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The youngster's artless heart o'erflows wi' joy:

Bút blate 16 and laithfu 17, scarce can weel behave; The mother, wi’ a woman's wiles, can spy

What makes the youth sae bashfu’an' sae grave; Weel pleased to think her bairn's respected like

the lave 18

Is there, in human form, that bears a heart,

A wretch ! a villain! lost to love and truth! That can, with studied, sly, ensnaring art,

Betray sweet Jenny's unsuspecting youth? Curse on his perjur'd arts ! dissembling smooth!

Are honor, virtue, conscience, all exild? Is there no pity, no relenting ruth,

Points to the parents fondling o'er their child? Then paints the ruin'd maid, and their distraction

wild ?

The cheerfu' supper done, wi' serious face,

They, round the ingle, form a circle wide ; The sire turns o’er, wi' påtriarchal grace,

The big ha 19 bible, ance his father's pride. His bonnet rev'rently is laid aside,

His lyart haffets 20 wearing thin an' bare ; Those strains that once did sweet in Zion glide,

He wales 21 a portion with judicious care; And,“ Let us worship God!" he says, with so

lemn air.

The priest-like father reads the sacred page,

How Abram was the friend of God on high ; Or, Moses bade eternal warfare wage

With Amalek's ungracious progeny; Or, how the royal bard did groaning lie

Beneath the stroke of Heaven's avenging ire ;

16 Bashful.
19 Great bible.

17 Shy. 18 The rest, others.
20 Grey temples.

21 Chooses.

Or Job's pathetic plaint, and wailing cry;

Or rapt Isaiah's wild seraphic fire;
Or other holy seers that tune the sacred lyre.
Perhaps the Christian volume is the theme,

How guiltless blood for guilty man was shed;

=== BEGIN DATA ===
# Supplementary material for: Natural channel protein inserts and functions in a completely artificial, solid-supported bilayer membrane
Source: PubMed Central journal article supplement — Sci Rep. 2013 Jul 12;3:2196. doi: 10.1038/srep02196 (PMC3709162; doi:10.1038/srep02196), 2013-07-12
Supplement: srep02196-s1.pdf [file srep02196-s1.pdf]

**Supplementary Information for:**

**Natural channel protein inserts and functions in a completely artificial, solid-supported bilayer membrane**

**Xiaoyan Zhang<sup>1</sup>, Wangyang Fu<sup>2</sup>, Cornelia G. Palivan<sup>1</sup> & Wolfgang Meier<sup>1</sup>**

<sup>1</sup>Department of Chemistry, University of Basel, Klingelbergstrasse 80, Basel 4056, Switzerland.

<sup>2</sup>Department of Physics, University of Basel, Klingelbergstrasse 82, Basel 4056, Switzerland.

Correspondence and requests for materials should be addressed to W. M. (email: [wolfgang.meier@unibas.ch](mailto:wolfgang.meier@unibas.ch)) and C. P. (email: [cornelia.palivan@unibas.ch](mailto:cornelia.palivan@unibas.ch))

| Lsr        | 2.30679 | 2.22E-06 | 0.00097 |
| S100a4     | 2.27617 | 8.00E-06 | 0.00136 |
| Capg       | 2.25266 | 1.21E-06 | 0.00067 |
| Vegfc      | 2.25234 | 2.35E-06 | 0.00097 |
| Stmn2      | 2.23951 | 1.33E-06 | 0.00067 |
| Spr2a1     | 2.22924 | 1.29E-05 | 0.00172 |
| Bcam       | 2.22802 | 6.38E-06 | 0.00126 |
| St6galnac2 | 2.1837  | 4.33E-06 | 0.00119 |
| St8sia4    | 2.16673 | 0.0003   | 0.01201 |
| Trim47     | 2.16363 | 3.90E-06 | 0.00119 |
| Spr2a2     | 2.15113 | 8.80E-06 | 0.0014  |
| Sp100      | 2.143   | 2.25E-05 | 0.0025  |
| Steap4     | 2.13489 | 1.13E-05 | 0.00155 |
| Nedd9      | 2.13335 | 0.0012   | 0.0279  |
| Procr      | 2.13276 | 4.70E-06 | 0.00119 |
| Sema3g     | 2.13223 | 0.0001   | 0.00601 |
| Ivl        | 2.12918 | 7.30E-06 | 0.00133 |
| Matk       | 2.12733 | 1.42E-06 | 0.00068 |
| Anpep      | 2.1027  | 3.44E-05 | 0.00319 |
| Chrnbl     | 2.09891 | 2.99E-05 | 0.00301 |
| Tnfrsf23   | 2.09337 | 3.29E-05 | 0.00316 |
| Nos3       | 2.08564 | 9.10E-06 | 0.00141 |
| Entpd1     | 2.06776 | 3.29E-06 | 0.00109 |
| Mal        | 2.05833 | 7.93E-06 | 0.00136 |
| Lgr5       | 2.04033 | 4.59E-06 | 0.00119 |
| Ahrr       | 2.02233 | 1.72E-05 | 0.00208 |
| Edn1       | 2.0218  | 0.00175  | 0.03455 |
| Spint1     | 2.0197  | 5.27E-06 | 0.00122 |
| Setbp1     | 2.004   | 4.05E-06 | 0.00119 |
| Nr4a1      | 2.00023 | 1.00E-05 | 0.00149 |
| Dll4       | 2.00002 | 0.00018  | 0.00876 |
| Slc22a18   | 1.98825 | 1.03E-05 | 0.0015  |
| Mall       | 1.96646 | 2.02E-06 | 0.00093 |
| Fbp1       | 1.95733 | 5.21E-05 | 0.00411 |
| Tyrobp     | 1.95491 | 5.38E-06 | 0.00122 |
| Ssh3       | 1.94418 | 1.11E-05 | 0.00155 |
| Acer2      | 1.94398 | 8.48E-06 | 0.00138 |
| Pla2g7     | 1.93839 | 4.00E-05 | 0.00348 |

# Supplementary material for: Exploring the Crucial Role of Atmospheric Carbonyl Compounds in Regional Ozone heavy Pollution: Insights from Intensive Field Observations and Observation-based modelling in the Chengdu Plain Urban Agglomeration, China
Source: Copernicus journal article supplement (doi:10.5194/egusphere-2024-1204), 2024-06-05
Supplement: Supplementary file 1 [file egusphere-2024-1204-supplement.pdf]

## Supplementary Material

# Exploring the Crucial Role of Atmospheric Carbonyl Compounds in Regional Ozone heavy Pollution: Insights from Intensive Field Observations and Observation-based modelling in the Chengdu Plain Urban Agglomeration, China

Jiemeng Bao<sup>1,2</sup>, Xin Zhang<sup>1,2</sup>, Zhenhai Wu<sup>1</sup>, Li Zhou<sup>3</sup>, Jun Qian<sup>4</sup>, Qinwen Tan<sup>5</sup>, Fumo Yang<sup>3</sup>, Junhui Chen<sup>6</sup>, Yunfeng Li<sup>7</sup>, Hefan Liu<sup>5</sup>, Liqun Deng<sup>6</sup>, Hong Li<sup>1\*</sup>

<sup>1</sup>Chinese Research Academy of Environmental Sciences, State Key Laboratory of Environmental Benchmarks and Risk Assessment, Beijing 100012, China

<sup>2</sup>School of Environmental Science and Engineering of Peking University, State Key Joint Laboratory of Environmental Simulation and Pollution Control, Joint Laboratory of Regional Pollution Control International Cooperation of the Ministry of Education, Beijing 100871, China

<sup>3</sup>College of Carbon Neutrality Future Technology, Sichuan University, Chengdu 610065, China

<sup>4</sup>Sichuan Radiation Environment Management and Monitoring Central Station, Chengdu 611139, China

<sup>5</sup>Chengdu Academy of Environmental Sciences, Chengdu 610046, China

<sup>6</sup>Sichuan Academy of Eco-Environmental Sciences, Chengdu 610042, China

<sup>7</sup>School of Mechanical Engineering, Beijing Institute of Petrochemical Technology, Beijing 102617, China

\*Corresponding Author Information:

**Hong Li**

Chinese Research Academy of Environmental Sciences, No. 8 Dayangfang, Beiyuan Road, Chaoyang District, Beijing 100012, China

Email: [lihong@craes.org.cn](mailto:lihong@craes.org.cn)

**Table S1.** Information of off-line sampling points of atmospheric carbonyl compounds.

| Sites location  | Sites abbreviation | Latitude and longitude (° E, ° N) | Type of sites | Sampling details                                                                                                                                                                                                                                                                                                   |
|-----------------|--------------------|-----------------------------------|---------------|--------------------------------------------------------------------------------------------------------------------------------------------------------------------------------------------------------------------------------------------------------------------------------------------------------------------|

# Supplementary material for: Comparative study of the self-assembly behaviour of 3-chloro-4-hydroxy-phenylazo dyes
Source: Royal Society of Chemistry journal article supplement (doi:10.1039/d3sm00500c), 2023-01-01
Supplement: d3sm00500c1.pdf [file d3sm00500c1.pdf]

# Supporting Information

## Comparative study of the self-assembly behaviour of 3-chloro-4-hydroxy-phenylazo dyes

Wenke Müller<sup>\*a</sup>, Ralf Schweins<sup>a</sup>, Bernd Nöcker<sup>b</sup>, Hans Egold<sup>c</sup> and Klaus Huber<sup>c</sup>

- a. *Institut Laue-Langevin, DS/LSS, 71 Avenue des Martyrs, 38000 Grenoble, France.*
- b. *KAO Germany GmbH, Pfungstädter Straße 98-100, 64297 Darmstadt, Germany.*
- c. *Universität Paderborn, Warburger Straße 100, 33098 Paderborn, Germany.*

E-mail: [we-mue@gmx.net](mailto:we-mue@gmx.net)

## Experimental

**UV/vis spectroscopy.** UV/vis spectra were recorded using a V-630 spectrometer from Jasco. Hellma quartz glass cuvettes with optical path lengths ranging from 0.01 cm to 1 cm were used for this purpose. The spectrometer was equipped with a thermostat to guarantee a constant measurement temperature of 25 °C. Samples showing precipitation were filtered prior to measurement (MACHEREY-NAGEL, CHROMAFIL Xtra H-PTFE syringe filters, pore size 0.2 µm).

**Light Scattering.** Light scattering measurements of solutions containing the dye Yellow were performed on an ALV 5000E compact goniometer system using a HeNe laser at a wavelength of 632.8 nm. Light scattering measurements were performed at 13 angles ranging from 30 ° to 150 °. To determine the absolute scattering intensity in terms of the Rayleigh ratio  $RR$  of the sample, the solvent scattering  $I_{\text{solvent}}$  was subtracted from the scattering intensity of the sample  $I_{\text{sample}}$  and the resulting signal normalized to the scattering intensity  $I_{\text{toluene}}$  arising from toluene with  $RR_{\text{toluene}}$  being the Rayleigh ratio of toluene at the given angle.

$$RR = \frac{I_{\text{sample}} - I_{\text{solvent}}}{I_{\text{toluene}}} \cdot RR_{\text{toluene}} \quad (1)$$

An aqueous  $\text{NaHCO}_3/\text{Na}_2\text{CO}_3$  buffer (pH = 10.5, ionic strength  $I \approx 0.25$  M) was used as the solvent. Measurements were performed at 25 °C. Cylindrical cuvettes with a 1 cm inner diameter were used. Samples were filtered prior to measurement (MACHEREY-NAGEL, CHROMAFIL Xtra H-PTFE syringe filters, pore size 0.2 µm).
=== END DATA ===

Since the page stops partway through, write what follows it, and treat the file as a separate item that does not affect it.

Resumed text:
How He, who bore in heav'n the second name,

Had not on earth whereon to lay His head : How His first followers and servants sped;

The precepts sage they wrote to many a land : How, He, who lone in Patmos banished,

Saw in the sun a mighty angel stand,
And heard great Bab’lon's doom pronounc'd by

Heaven's command.
Then kneeling down, to heaven's eternal King,

The saint, the father, and the husband prays:
Hope springs exulting on triumphant wing,

That thus they all shall meet in future days : There ever bask in uncreated rays,

No more to sigh, or shed the bitter tear, Together hymning their Creator's praise,

In such society, yet still more dear, While circling time moves round in an eternal

sphere. Then homeward all take off their sev'ral way;

The youngling cottagers retire to rest : The parent pair their secret homage pay,

And proffer up to Heaven the warm request That He who stills the raven's clam'rous nest,

And decks the lily fair in flow'ry pride, Would, in the way His wisdom sees the best,

For them and for their little ones provide; Butchiefly, in their hearts with grace divine.preside. O Scotia ! my dear, my native soil !

For whom my warmest wish to Heaven is sent! Long may thy hardy sons of rustic toil,

Be blest with health, and peace, and sweet content!

And, O! may Heaven their simple lives prevent

From Luxury's contagion, weak and vile ! Then, howe'er crowns and coronets be rent,

A virtuous populace may rise the while, And stand a wall of fire around their much-loved

isle.

SONNET.

Written on the summit of Plinlimmon. With pensive heart and trembling steps I tread These savage heights, with Alpine horrors

crown'd; While eagles scream around their stormy head,

And the hoarse torrents pour a solemn sound. 'Tis awful! here no grovelling thought can dwell,

Where all is vast, magnificent and high; I feel, I feel the ascending spirit swell,

Though faint the foot, and wearied be the eye. Ah! treacherous heart, by earth-born cares de

press'd, Why rove thy thoughts the sordid throng, Where sensual pleasures clog each vulgar breast,

And gold and glory trail their pomp along ? Oh! mount at length to heaven on rapid wing,

There in thy native empyrean glow; And, blest with peace, and bright in endless spring,

Smile at the clouds that shade a world below.

A MONASTIC ODE.

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HAIL, Solitude! how sweet thy shade,
For holy contemplation made !
Far from the world, no more I see
That stage of sin and vanity.

While nations rage, my ravish'd sight
I lift to realms of peace and light,
And hear celestial voices sing
The praise of their Immortal King.
Here would I sit, to peace consign'd,
And leave a troubled world behind,
Till angels waft me hence, to rest
In Paradise among the blest;
With hermits there to taste of bliss,
Who walk'd with God in shades like this.

THE END.

LONDON:

PRINTBD BY R. GILBERT,

ST. JOHN'S SQUARE,

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